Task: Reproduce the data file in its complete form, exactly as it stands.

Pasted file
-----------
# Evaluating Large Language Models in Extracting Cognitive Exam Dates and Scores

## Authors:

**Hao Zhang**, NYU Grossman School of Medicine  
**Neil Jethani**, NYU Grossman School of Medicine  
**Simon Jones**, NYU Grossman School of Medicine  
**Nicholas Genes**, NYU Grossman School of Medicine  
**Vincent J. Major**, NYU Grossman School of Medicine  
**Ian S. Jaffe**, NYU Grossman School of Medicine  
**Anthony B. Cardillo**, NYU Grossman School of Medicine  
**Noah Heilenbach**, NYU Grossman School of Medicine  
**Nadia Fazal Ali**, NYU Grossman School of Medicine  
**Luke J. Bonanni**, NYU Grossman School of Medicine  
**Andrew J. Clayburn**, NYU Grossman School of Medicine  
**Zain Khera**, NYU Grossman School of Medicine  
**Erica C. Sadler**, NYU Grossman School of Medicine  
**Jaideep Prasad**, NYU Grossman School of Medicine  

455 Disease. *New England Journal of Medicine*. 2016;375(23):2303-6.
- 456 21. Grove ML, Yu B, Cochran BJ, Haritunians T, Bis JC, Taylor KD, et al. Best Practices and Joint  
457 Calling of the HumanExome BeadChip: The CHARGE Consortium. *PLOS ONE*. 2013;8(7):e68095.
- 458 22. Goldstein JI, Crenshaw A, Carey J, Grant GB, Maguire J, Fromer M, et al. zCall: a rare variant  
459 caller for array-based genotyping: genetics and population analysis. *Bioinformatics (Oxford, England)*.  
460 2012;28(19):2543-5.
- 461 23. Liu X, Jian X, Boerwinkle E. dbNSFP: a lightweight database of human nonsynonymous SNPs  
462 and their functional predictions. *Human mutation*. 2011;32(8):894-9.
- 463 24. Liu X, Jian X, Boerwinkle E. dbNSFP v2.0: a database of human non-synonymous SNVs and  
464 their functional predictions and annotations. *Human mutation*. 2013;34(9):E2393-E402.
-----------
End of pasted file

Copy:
# Evaluating Large Language Models in Extracting Cognitive Exam Dates and Scores

## Authors:

**Hao Zhang**, NYU Grossman School of Medicine  
**Neil Jethani**, NYU Grossman School of Medicine  
**Simon Jones**, NYU Grossman School of Medicine  
**Nicholas Genes**, NYU Grossman School of Medicine  
**Vincent J. Major**, NYU Grossman School of Medicine  
**Ian S. Jaffe**, NYU Grossman School of Medicine  
**Anthony B. Cardillo**, NYU Grossman School of Medicine  
**Noah Heilenbach**, NYU Grossman School of Medicine  
**Nadia Fazal Ali**, NYU Grossman School of Medicine  
**Luke J. Bonanni**, NYU Grossman School of Medicine  
**Andrew J. Clayburn**, NYU Grossman School of Medicine  
**Zain Khera**, NYU Grossman School of Medicine  
**Erica C. Sadler**, NYU Grossman School of Medicine  
**Jaideep Prasad**, NYU Grossman School of Medicine  

455 Disease. *New England Journal of Medicine*. 2016;375(23):2303-6.
- 456 21. Grove ML, Yu B, Cochran BJ, Haritunians T, Bis JC, Taylor KD, et al. Best Practices and Joint  
457 Calling of the HumanExome BeadChip: The CHARGE Consortium. *PLOS ONE*. 2013;8(7):e68095.
- 458 22. Goldstein JI, Crenshaw A, Carey J, Grant GB, Maguire J, Fromer M, et al. zCall: a rare variant  
459 caller for array-based genotyping: genetics and population analysis. *Bioinformatics (Oxford, England)*.  
460 2012;28(19):2543-5.
- 461 23. Liu X, Jian X, Boerwinkle E. dbNSFP: a lightweight database of human nonsynonymous SNPs  
462 and their functional predictions. *Human mutation*. 2011;32(8):894-9.
- 463 24. Liu X, Jian X, Boerwinkle E. dbNSFP v2.0: a database of human non-synonymous SNVs and  
464 their functional predictions and annotations. *Human mutation*. 2013;34(9):E2393-E402.